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Showing posts from April, 2011

Did Wordsworth like gingerbread?

I’ve just spent a few days in the Lake District, staying only a few doors away from the Wordsworth House in Cockermouth, where Richard, William, Dorothy, John and Christopher Wordsworth were born. In 1937 the house was due to be demolished to make way for a bus station, but luckily it was rescued from the clutches of the bus company when the Wordsworth Memorial Fund bought it and gave it to the National Trust. The NT have done a good job of recreating a 1770s style house, complete with costumed servants. In 2009 it was rescued from yet another peril when Cockermouth was hit by floods, when its dedicated staff moved the house’s contents to safety on the upper floors and afterwards cleaned up the debris and floodwater (a horrible mucky job judging by the photographs). I also went to Grasmere and visited the Wordsworth graves; my thoughts were with John particularly who died in a shipwreck only three days out from Portsmouth en route to India and China. The tragic story is well-told in A

Quintessential British Novels

Emma Taylor of has drawn my attention to a blog on their website (16 March 2011) listing 50 Quintessential British Novels. I know nothing about accredited on line colleges, but I did enjoy reading the list which includes many of my own favourites, and one book that I had never heard of but now plan to read – Flatland by Edwin A Abbott. I particularly enjoyed the breezy outlines – Darcy’s “legions of screaming fangirls” in Pride and Prejudice especially springs to mind. If you want to compare it to your own list of Quintessential British Novels the blog is at With thanks to Emma for taking an interest in my literary ramblings!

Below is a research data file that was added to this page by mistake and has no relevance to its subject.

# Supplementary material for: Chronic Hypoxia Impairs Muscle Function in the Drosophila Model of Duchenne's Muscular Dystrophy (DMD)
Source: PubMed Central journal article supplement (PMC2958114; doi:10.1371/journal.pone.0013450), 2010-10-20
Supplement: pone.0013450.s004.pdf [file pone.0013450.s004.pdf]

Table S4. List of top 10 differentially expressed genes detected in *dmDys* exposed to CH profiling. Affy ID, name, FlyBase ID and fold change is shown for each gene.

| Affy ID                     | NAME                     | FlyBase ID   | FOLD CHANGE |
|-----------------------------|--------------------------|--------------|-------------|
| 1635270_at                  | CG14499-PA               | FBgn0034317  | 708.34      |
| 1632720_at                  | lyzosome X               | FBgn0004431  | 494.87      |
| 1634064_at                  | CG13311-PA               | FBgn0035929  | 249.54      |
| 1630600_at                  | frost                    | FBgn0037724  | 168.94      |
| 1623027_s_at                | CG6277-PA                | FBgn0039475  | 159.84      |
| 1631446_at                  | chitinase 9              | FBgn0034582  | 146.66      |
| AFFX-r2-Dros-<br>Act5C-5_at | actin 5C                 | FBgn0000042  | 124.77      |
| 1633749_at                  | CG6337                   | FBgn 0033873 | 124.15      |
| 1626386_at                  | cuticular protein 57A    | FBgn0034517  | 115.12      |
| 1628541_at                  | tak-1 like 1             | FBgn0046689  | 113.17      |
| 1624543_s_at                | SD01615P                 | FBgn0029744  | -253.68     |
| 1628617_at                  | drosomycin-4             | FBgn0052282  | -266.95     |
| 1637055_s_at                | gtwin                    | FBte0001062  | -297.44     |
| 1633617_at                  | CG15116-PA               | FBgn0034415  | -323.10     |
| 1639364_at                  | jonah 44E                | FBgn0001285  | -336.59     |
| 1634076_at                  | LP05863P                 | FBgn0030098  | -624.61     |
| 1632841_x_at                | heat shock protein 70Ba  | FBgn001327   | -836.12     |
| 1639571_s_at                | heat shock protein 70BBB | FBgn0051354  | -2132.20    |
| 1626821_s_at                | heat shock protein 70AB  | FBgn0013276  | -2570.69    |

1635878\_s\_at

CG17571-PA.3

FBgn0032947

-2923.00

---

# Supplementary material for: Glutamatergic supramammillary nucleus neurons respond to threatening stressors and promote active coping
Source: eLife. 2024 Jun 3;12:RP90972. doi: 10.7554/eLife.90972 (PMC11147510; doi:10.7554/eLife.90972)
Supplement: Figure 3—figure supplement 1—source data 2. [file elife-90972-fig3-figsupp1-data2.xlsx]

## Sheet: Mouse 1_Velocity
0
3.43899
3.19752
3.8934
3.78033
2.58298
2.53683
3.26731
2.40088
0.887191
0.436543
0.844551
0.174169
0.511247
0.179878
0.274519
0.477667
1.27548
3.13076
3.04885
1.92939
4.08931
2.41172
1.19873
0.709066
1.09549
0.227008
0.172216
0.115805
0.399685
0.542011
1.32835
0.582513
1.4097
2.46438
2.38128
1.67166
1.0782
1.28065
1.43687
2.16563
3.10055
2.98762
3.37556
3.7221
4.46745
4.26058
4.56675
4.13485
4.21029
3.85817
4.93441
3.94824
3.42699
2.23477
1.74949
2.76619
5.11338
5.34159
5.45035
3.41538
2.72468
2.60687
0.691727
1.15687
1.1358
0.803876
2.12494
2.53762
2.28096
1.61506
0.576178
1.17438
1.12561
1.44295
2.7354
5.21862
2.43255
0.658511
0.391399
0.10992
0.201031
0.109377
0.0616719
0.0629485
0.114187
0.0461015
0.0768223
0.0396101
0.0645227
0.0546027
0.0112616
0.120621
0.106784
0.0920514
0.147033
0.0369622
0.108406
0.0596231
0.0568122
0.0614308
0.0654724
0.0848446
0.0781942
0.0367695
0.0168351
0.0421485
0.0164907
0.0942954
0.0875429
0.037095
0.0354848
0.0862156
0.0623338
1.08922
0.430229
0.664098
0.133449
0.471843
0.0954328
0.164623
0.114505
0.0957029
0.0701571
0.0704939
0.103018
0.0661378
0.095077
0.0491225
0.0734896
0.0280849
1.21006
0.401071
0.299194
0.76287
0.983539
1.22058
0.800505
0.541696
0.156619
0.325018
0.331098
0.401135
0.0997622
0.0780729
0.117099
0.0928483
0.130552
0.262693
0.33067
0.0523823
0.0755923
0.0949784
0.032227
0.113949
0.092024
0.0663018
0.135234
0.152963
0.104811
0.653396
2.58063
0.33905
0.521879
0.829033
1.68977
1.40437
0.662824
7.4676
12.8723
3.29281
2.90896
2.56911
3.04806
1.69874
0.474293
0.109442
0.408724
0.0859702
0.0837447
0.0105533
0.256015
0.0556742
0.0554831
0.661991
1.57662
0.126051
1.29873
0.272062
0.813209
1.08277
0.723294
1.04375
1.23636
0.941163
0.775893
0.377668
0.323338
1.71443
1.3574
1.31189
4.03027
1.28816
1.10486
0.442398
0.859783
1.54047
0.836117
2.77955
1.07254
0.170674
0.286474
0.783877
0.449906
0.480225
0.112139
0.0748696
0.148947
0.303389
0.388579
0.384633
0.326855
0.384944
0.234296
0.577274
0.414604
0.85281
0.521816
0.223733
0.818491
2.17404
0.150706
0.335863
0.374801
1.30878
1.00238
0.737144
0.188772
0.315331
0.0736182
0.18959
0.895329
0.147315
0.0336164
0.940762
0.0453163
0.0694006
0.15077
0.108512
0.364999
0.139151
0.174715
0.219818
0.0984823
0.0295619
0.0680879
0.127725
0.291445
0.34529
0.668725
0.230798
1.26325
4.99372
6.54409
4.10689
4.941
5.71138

Refusing to be counted

Yesterday (2 April 2011) was the anniversary of the women’s boycott of the 1911 Census and I marked the event by joining historians Jill Liddington and Tara Morton on their “Artists and Evaders” walk around Kensington. As a suffrage demonstration, the refusal of many militant and non-militant suffrage campaigners to fill in their Census forms was far from being the most spectacular or successful of the protests made by disenfranchised women. According to the Registrar in a letter to The Times on 1 April 1911, if the suffragists hoped that the Census would be seriously affected they would be proved wrong. Even if 100,000 women were “bold enough to defy the law”, he said, in an overall population which “will no doubt be found to exceed 40 millions” (in fact he overestimated by half a million) their absence would make little difference. In the event, many evasion attempts simply did not work: women were counted anyway. Even so, Christabel Pankhurst hailed the demonstration as a success,